But I always find these quizes stimulating and very informative...although I'm not much of jet fan at all.
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  10. #7910
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    RE: Knowledge Quiz for Warbird wiz

    I check this thread daily...I thought it was going along pretty good myself...[8D]
    You guys seem to know a lot more than I do...I have learned a LOT...please keep it going!
    < Wrongway Feldman's Kreider-Reisner KR-21...(on Gilligan's Island)

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    RE: Knowledge Quiz for Warbird wiz



    KEEPITGOING! Iv'e been subscribed from day 1 and find this very interesting and informative.

    obsessed Stuka D3 nut

  12. #7912
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    RE: Knowledge Quiz for Warbird wiz


    ORIGINAL: US185Damiani

    This WW I Pilot was another following in his brother's shadow, became an excellent ace in his own right and was shot down 3 times and in each case he was shot down on the 13th of the month

    His airplane bore the colors of his former unit (as did many of the period) which was yellow. extra point if you can provide the name of the former unit.
    this pilot was also part of the German Jasta with red noses LG legs wheels and struts extra point if you know which Jagdstaffel

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  13. #7913

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    RE: Knowledge Quiz for Warbird wiz

    All;


    Glad to know we still have some loyal readers who want the forum to continue. So be it. I'll participate as long as we have at least a couple of other enthusiasts who like learning. Great!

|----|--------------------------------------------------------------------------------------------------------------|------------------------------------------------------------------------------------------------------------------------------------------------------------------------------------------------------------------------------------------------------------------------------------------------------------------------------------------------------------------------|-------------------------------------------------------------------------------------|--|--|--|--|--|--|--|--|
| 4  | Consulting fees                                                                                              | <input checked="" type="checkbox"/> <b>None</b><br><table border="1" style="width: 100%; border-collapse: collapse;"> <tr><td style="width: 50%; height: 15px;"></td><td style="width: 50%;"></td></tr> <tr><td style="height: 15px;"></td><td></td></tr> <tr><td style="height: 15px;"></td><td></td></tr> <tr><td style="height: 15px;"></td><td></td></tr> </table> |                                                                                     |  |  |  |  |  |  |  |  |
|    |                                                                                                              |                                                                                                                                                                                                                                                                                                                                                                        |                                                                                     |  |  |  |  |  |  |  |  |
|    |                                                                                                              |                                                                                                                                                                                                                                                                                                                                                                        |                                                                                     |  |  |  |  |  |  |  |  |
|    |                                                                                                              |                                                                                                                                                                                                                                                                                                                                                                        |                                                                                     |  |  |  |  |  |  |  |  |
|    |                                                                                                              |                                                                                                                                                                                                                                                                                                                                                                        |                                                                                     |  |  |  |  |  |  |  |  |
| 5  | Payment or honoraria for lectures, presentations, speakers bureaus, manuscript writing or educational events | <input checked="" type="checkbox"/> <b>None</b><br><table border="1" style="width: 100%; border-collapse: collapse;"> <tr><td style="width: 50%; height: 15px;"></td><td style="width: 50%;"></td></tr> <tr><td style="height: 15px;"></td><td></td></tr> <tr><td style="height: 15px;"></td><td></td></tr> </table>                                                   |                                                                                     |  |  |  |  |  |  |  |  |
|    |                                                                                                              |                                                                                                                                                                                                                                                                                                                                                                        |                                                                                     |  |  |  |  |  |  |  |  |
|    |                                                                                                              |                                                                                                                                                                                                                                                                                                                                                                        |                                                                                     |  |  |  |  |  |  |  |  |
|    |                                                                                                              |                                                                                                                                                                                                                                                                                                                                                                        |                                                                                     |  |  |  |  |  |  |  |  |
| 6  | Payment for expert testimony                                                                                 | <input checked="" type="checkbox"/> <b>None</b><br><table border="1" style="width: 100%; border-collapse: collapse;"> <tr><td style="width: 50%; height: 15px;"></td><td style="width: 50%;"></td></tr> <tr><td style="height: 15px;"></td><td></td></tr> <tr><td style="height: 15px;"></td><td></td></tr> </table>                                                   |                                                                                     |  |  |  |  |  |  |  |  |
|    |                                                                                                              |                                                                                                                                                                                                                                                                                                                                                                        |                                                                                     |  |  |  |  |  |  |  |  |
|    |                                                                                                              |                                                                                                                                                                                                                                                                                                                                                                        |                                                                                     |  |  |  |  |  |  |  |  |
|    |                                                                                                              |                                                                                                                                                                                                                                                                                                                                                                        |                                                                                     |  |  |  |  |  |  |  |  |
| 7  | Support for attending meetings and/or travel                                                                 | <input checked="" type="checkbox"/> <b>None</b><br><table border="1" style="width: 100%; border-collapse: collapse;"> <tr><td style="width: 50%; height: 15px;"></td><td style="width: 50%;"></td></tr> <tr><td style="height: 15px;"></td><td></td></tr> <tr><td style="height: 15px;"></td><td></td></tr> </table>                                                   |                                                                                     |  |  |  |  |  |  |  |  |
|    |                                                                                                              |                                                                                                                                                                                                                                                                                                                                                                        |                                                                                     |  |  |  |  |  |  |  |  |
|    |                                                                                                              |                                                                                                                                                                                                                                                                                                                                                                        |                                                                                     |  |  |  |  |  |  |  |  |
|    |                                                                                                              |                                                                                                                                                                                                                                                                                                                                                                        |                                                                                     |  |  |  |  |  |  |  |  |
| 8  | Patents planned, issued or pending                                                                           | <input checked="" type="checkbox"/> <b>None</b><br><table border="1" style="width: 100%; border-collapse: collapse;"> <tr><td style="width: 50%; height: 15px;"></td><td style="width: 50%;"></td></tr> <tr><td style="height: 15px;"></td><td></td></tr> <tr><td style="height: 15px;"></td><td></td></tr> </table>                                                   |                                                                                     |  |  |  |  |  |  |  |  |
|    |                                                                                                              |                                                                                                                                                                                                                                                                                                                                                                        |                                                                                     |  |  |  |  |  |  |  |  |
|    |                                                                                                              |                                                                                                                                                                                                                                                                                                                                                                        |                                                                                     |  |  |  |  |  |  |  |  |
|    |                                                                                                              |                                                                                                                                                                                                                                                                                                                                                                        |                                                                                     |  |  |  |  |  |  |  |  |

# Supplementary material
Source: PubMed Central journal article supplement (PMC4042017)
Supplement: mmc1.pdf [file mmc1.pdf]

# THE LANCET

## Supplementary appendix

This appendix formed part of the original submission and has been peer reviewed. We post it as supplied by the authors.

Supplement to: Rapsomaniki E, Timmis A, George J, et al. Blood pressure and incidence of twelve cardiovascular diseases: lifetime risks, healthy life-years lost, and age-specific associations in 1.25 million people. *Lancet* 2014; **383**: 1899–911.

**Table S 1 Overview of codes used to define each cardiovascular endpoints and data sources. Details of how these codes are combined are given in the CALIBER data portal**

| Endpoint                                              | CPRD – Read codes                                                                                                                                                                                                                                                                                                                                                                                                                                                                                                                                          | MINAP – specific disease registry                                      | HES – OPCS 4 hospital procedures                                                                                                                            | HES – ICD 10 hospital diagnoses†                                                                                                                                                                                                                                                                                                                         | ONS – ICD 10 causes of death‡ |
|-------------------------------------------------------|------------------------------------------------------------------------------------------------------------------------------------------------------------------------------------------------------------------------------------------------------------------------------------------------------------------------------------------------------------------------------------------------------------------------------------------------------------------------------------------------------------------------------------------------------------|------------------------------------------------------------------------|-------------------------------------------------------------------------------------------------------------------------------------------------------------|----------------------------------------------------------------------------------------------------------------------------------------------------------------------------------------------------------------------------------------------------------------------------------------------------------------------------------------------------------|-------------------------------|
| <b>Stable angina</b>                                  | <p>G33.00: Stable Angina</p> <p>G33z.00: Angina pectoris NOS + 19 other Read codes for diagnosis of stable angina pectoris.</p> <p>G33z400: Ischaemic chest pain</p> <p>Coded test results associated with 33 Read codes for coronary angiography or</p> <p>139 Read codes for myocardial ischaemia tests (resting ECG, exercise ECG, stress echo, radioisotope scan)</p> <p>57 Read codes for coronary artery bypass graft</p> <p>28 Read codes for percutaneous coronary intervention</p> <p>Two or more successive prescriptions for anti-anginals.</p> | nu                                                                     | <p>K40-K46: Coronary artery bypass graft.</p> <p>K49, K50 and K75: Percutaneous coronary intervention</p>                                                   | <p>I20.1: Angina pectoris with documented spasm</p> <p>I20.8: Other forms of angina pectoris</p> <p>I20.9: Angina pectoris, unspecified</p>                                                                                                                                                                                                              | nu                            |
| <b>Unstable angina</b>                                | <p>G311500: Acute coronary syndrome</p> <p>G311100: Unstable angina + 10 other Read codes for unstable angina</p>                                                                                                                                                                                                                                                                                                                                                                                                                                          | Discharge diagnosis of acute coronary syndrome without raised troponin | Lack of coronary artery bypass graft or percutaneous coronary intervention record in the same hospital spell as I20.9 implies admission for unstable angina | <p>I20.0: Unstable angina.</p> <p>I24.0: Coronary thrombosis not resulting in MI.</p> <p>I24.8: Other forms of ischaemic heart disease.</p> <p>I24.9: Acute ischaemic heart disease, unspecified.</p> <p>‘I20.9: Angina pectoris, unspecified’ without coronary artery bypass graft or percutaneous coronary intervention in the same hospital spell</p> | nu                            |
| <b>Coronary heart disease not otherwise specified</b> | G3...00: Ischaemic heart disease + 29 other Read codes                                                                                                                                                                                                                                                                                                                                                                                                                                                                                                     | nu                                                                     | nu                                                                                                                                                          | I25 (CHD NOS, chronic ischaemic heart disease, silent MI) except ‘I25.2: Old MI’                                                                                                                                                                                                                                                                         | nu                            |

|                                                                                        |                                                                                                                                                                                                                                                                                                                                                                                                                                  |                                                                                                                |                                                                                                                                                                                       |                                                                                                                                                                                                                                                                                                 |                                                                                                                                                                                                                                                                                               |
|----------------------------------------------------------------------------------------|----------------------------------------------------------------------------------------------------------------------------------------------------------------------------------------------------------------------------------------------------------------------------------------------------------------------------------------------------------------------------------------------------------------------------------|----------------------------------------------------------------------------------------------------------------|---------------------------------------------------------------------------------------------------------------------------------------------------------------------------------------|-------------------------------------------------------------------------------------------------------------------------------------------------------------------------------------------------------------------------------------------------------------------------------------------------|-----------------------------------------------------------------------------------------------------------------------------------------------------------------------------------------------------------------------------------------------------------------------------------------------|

Now... as to the question posed by US185Damiani; I was simply surprised no one jumped on it instantly. The answer was obvious to me from his first post, no research required. But, I suppose any question that brushes up against your past research seems easy to you; but maybe not so to someone who hasn't studied the exact same subject. Maybe that's the best part of the forum; you get the benefit of other folk's research and knowledge.

    I can't take the lead right now, since I'll be leaving town soon for a few days. So I'll just sit back and watch as you guys try to figure this one out; then offer a comment about this ace's most famous, and most disputed, victory. Have at it. But you're going to kick yourselves when you figure out the answer! Thanks; Ernie P.

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    RE: Knowledge Quiz for Warbird wiz

    Yes please keep going, I was completely tied up in meetings the last two days so refrained from guessing but I'll put a bet on Lothar von Richthofen. His most famous victory was over Albert Ball though it was known even then that he crashed in a thunderstorm.

  15. #7915
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    RE: Knowledge Quiz for Warbird wiz

    I figured Lothar was too obvious to mention...aaarrrggghh
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    RE: Knowledge Quiz for Warbird wiz


    ORIGINAL: Mein Duff

    I figured Lothar was too obvious to mention...aaarrrggghh
    Me too!

  17. #7917

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    RE: Knowledge Quiz for Warbird wiz

    ORIGINAL: SimonCraig1

    Yes please keep going, I was completely tied up in meetings the last two days so refrained from guessing but I'll put a bet on Lothar von Richthofen. His most famous victory was over Albert Ball though it was known even then that he crashed in a thunderstorm.

    Sir; like you I couldn't understand how why the Germans were stupid enough to try to claim Lothar shot down Albert Ball. Remember the old saying about getting both sides of a story before making up your mind? Somewhere along the line I heard the German side of things (I haven't had time to doublecheck, but I believe it was Manfred's book "The Red Air Fighter") and the story doesn't sound quite so strange now. Apparently there were eyewitnesses and Lothar fought a triplane before he and Ball tangled. Remember, Lothar was also forced to land in the fight; and his side of things didn't become clear for a few days. I'll look up the cite and see what I can rediscover. Not saying Lothar shot Ball down, only that there is another plausible side of things. Thanks; Ernie P.